• Briefly Noted
  • From the Bookshelf

    Investing in dividend stocks that will generate 11% yields and 12% average annual returns in 10 years is the strategy touted by Marc Lichtenfeld. In his book “Get Rich with Dividends: A Proven System for Earning Double-Digit Returns” (John Wiley & Sons, 2012), the author says it’s possible to achieve this performance by buying and holding dividend-paying stocks.

    The claims seem aggressive, but the numbers are based on reasonable assumptions. Lichtenfeld uses the 50-year average stock market return of 7.48% to project market returns over the next 10 years. He also advises readers to reinvest their dividends, thereby acquiring more shares and even larger dividend payments. Over time, the combination of reinvested dividends and compounding lead to portfolio growth and higher yields.

    Lichtenfeld’s book is good overall, though we found his dividend selection criteria to be overly restrictive. The author suggests looking for long-term dividend growth of 10% or more, a payout ratio no higher than 75% and a yield of 4.7%. A search on Stock Investor Pro based on these criteria identified only 36 stocks.

    Co-authors Martin Pring, Joe Turner and Tom Kopas argue that the United States is in the midst of a secular bear market in “Investing in the Second Lost Decade” (McGraw-Hill, 2012). The authors say the current secular bear market started with the collapse of the tech bubble and is being extended by the high level of federal debt. They further argue that we are in a bull market for commodities, which is also bearish for stock prices.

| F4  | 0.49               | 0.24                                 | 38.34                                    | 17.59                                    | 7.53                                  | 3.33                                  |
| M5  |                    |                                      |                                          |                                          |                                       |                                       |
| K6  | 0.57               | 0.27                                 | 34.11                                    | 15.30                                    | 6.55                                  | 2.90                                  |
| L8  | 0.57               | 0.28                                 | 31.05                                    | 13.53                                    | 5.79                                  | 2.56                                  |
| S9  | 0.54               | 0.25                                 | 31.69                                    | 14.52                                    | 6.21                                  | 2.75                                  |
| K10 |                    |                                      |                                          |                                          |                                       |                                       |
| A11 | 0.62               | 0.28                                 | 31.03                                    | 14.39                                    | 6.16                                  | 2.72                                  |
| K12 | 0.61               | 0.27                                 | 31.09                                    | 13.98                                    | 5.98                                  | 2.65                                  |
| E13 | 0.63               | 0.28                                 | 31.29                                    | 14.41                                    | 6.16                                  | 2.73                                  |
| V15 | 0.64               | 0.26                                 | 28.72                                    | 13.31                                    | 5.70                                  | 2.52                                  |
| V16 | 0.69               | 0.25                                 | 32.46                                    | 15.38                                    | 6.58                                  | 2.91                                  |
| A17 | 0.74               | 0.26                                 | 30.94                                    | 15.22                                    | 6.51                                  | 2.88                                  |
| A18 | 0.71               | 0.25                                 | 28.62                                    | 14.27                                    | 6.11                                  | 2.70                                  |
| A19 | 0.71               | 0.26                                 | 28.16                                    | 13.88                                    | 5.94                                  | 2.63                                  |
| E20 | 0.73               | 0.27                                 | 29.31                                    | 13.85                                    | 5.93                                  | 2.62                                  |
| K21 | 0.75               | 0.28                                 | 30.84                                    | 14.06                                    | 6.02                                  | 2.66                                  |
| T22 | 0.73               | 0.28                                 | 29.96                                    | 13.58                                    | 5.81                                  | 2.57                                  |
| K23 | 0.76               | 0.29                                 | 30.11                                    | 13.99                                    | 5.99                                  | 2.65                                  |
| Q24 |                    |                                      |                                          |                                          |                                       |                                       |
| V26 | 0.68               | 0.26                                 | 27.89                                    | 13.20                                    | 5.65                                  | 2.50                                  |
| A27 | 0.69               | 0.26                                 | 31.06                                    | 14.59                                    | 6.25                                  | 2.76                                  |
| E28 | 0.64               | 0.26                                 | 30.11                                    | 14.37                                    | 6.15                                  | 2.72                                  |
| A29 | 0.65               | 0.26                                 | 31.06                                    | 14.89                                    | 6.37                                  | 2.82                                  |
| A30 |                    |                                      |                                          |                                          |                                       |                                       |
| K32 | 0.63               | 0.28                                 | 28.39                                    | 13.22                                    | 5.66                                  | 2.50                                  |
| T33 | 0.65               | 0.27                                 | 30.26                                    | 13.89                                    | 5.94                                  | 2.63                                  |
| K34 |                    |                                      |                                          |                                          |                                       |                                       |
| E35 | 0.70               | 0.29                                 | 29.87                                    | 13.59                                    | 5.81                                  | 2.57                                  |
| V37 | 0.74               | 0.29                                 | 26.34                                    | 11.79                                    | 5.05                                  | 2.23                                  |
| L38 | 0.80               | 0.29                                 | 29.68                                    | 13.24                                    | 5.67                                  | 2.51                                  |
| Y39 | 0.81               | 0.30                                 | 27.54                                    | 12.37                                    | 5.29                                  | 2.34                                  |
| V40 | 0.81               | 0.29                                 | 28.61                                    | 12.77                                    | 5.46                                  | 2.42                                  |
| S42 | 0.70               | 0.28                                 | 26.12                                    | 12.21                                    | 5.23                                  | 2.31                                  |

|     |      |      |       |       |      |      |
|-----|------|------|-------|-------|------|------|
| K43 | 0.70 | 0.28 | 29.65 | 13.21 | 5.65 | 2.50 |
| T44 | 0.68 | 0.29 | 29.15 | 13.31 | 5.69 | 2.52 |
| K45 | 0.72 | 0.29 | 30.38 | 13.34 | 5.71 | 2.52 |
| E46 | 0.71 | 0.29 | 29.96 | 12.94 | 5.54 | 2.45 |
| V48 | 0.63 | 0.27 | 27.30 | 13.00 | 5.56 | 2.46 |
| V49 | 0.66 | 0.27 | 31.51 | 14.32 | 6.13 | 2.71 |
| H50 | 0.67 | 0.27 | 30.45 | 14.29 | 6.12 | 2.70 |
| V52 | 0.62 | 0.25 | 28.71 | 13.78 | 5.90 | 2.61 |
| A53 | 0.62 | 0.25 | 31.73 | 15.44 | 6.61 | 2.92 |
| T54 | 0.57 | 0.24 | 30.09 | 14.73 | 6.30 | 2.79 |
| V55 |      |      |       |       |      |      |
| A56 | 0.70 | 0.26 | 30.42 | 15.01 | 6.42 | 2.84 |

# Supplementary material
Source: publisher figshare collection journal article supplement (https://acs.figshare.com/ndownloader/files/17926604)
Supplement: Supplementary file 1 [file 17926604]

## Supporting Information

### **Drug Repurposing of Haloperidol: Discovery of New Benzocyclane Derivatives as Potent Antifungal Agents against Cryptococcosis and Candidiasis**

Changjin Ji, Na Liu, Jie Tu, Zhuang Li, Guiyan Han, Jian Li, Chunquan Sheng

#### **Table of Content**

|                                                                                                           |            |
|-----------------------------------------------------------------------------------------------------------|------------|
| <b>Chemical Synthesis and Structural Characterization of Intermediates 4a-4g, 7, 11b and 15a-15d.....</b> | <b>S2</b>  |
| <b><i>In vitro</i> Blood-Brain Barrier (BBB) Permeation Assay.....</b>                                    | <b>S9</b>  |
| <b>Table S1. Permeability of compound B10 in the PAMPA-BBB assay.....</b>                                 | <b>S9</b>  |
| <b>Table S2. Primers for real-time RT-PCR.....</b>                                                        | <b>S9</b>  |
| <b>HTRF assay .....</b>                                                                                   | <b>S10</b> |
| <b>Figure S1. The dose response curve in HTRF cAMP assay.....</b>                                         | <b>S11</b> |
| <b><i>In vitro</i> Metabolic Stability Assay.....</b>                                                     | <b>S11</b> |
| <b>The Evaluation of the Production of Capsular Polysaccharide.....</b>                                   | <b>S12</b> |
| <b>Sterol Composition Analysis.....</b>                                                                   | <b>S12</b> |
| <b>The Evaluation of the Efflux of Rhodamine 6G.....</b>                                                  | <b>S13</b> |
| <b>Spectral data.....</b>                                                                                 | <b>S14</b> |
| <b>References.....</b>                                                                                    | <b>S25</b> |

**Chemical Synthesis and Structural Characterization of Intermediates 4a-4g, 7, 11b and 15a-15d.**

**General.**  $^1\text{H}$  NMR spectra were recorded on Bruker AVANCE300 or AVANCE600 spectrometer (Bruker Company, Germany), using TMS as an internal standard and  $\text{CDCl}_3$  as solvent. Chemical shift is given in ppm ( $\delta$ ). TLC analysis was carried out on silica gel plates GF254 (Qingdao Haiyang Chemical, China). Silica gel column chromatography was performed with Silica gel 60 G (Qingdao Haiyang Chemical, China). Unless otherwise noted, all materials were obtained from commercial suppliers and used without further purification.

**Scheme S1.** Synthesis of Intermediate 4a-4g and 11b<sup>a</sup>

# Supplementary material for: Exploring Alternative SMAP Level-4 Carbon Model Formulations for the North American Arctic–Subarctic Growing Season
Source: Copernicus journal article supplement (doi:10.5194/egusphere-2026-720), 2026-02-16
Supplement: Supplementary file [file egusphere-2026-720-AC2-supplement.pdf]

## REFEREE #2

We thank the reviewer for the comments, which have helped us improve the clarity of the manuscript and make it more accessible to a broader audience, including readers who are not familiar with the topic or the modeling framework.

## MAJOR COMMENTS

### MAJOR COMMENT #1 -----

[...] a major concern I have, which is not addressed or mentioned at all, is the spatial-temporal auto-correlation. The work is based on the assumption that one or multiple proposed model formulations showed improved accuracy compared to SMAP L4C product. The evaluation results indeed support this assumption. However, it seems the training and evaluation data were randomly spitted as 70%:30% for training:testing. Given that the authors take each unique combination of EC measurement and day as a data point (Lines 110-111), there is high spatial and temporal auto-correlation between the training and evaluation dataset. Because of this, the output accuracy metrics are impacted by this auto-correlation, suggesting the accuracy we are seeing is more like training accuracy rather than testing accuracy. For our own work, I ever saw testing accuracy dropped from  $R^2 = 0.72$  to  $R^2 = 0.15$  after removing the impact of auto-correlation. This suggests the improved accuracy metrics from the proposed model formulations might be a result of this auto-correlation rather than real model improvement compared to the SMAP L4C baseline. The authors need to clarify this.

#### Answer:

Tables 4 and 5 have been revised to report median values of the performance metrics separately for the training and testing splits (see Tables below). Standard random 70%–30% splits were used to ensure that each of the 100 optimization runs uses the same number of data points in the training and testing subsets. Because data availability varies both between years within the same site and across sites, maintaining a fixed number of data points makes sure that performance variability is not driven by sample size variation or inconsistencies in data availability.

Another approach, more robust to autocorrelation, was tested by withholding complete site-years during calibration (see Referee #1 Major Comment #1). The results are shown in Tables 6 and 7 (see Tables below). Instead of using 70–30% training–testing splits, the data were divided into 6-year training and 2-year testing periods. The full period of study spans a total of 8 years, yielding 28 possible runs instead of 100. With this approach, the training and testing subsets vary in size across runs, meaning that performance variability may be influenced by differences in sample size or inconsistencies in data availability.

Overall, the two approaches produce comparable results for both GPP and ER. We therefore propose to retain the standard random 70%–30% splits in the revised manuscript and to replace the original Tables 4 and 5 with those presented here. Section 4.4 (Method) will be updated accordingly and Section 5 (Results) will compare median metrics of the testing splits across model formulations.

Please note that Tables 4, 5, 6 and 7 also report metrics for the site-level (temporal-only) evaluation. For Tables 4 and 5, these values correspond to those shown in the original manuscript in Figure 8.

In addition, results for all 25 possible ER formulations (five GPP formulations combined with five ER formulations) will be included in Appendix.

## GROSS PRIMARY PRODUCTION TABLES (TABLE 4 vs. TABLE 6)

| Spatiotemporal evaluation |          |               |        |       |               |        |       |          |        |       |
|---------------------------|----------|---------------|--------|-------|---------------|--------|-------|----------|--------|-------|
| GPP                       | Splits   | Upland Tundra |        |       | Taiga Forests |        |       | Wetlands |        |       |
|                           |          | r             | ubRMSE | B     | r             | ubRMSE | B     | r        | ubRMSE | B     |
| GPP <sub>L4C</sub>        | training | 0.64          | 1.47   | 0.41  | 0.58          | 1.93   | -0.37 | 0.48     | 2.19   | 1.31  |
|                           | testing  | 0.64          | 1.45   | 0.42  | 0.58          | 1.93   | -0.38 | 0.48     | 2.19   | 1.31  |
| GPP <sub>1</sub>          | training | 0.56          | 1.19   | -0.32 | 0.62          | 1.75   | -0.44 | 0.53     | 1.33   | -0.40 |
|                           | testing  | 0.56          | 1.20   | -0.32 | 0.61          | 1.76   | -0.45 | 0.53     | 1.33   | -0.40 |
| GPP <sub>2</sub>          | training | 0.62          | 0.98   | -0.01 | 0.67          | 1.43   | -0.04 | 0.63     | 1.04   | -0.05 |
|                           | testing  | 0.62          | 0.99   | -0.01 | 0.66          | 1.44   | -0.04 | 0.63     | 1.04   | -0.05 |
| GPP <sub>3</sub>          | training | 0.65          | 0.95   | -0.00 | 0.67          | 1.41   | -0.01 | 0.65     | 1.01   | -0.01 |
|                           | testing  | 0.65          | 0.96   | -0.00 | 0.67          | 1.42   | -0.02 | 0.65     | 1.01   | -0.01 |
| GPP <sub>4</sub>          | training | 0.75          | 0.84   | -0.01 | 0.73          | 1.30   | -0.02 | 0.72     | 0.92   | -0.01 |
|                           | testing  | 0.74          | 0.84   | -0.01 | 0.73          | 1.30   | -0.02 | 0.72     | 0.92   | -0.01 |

The book’s value isn’t in the authors’ market analysis, however, but rather in their approach to identifying business cycles. Much of the text defines the difference between a business cycle, which often lasts four to five years, and a secular market trend, which often lasts 20 years. Even if you don’t agree with the current market assessment made in the book, it is interesting and informative reading.

    Followers of Pring expecting detailed technical analysis will be disappointed. This book focuses on macro themes. Even in the appendix, the authors discuss broad allocation strategies, rather than tying their market synopsis back to charts.


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